The heart of the challenge issued by Tamamoto’s wide-ranging essay is the warning that the triumph of “hawkish nationalists”, whose definition of a “normal nation” is tantamount to a Yasukuni shrine reading of Japan’s wars and colonialism, could lead Japan to become “more isolated and alienated form the rest of Northeast Asia.”

In his Sankei article, Komori called claims of a “revival of militarism” “the opposite of the reality in Japan” and criticized the article for using “much too many sensational, emotional and insulting words of the kind frequently used generally by the Western left or by China to bash Japan.” In that sense, he said, “the essay can be called ‘anti-Japan.’”

Read together, the Tamamoto and Komori articles usefully frame some of the most contentious issues in contemporary Japanese politics.

Tamamoto, while noting the contemporary struggle over Japanese national identity is somewhat circumspect over the question of whether Japanese militarism is on the rise, certainly makes clear the clash of political visions. But he infuriates Komori by contrasting what he calls “normal state advocacy” with hawkish nationalism, by holding Koizumi responsible for the decline in Chinese-Japanese relations, and by highlighting the concern of many Asians and Japanese that hawkish nationalism is a recipe for conflict in the region.

While Tamamoto and Satoh Haruko endure a self-imposed silence in the debate, the man behind their misery was in a relaxed, expansive mood during an August 23 interview at the Japan Foreign Correspondents’ Club in Tokyo. Komori professes to be ‘mystified’ at some of the attacks on him on online forums and laughs at the attempts to, as he put it, ‘psychoanalyze me.’ “It is a lot of garbage and lies.” He rejects accusations of a personal vendetta with Tamamoto.

A fluent English-speaking former Mainichi correspondent who has spent years in the US, Beijing, London and (in the later stages of the war) Vietnam, and who has written several books on China, Komori rejects the ‘pejorative’ label ‘right-wing’. At the same time, he staunchly defends powerful ‘revisionist’ views as the following examples attest.

In the ample discussion that the incident has provoked, the words and perspective of Komori have been largely ignored. But they are worth close examination.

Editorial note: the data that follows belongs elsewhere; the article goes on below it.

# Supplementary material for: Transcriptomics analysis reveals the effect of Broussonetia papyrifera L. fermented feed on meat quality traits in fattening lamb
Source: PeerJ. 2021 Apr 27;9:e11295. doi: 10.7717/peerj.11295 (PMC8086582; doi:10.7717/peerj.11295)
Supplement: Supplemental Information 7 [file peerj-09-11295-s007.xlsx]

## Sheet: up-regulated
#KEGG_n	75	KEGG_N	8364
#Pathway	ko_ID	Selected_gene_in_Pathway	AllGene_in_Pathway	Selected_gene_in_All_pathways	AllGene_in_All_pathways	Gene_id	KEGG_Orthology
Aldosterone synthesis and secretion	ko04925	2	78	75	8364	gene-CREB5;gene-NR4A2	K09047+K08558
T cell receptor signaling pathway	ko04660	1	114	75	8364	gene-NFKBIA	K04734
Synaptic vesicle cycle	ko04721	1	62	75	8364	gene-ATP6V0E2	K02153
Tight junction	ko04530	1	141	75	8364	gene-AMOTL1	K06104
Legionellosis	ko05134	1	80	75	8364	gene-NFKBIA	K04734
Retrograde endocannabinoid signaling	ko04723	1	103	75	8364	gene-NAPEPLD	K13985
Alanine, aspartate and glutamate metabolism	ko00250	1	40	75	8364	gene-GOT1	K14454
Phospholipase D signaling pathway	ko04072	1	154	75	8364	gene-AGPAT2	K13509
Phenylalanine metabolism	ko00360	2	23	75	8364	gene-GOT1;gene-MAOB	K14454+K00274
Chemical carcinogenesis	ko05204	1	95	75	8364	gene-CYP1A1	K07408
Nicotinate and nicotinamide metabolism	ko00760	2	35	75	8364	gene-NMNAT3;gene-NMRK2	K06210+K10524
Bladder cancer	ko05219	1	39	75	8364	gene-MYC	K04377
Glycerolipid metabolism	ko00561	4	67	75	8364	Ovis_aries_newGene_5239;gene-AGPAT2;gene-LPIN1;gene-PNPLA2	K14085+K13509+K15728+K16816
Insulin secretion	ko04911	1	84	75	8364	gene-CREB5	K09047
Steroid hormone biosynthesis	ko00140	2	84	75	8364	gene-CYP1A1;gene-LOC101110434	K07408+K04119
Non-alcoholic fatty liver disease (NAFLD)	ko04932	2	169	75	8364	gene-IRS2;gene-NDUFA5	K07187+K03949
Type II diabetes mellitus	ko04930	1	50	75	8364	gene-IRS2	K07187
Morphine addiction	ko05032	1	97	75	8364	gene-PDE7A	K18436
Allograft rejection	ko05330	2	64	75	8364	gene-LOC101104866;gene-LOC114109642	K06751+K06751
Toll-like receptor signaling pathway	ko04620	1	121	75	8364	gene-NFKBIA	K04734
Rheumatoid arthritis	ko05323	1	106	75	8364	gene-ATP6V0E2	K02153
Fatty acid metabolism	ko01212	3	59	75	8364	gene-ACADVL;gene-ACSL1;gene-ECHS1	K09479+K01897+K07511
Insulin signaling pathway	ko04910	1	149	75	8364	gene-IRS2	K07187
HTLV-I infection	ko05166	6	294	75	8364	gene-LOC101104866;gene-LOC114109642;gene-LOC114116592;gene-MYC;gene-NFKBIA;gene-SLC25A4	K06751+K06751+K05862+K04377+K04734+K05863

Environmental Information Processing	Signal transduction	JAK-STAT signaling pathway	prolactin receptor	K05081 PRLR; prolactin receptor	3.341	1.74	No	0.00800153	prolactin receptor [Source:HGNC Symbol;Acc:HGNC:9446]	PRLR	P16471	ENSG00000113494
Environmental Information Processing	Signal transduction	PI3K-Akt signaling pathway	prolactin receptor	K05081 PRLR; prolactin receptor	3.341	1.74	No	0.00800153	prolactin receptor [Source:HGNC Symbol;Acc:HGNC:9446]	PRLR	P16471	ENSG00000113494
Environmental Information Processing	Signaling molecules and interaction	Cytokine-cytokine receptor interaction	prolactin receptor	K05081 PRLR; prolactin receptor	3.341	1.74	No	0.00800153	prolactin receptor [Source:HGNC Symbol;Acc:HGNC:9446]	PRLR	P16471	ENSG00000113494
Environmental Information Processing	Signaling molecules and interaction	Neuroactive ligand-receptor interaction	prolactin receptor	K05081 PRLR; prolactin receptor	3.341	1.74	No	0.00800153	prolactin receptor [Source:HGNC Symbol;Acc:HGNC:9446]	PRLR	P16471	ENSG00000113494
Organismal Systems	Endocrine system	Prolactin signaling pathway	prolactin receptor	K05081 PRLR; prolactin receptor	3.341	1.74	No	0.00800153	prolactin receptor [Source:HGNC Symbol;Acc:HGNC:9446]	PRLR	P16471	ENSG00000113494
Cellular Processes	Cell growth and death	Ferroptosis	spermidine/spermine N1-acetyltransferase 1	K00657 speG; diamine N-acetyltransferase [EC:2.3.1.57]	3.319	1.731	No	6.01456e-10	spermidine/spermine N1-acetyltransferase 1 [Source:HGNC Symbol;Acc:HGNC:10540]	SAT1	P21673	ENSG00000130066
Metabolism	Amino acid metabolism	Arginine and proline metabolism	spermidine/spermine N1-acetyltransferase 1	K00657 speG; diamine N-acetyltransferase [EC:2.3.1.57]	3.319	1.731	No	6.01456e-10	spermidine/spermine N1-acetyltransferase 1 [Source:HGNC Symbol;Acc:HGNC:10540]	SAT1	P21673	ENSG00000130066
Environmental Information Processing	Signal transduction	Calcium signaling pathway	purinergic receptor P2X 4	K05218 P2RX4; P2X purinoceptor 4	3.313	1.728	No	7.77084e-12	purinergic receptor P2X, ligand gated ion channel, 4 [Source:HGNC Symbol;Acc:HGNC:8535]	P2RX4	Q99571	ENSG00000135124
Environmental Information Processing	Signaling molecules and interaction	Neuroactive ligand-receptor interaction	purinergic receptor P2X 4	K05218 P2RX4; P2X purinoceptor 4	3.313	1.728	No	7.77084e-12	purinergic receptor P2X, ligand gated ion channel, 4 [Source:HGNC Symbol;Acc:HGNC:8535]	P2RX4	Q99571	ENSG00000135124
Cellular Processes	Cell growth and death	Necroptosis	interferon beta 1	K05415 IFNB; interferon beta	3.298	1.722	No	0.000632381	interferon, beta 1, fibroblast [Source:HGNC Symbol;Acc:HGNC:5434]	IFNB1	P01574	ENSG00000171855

On the JIII incident: I was told of the website being taken down but I had nothing to do with it. I didn’t ask for the website to be pulled. I just asked why they use this person [Tamamoto] who has such minority views. Japan is not a dictatorship so how can they use a man like this? The institute is publicly funded by MOFA, which is odd. I’m against censorship. He is entitled to his own individual views but not at the taxpayers’ expense. It has nothing to do with suppression of freedom of information. If this were a public expression of a biased view, nobody should be surprised, but this is an official institution and whatever comes out has to be internally approved by the institute.

Isn’t this one of the things that distinguishes Japan from the undemocratic China you criticize; that is able to challenge its own government?

Not by the government itself. It is I who has been attacked for expressing my own views. It is almost amusing to see the double standards at work. I don’t support suppressing personal views. You have to ask (JIIA President) Satoh his views. I didn’t advocate closure or suspension. I don’t have a personal vendetta against the writer of the JIIA articles. He is free to write somewhere else.

On Japan’s war-time sex-slaves: “The comfort women existed but there is no evidence to support the contention that the Japanese military per se was forcibly recruiting those women against their wishes. It was done by so-called intermediary merchants of prostitution and should be condemned, except for the fact that prostitution itself was not against the law at the time. I know for a fact that some of those women were making lots and lots of money and built houses back home; remitted money back home to their loved ones. They were getting paid more than generals. But there is sadness involved and I feel very sympathetic toward those women. But I cannot agree that I should support the governments of South Korea or China when they say the issue has not been resolved or addressed.

Governments didn’t support these women though, did they? The South Korean women had to fight their own government as well as Japan.

Does the Korean government maintain this position now? With regard to the issue of compensation, in 1965 normalization was accompanied by reparations by the Japanese government – I don’t have the exact figure – and the Korean government was supposed to compensate their own victims. It is up to the government how they compensate. And you know the existence of the private Japanese fund to help the comfort women? But somehow the Korean government is not comfortable with this. They somehow discourage their victims from receiving the money.

On Yasukuni: I feel that the prime minister of Japan should not be deprived of the ability to visit the country’s own war dead within his own country. No other country would have to listen to this incessant criticism. I lived and worked in China so I know the structure from which their incessant criticism of Japan derives. It is part of the legitimacy of the Communist Party in China to criticize Japan.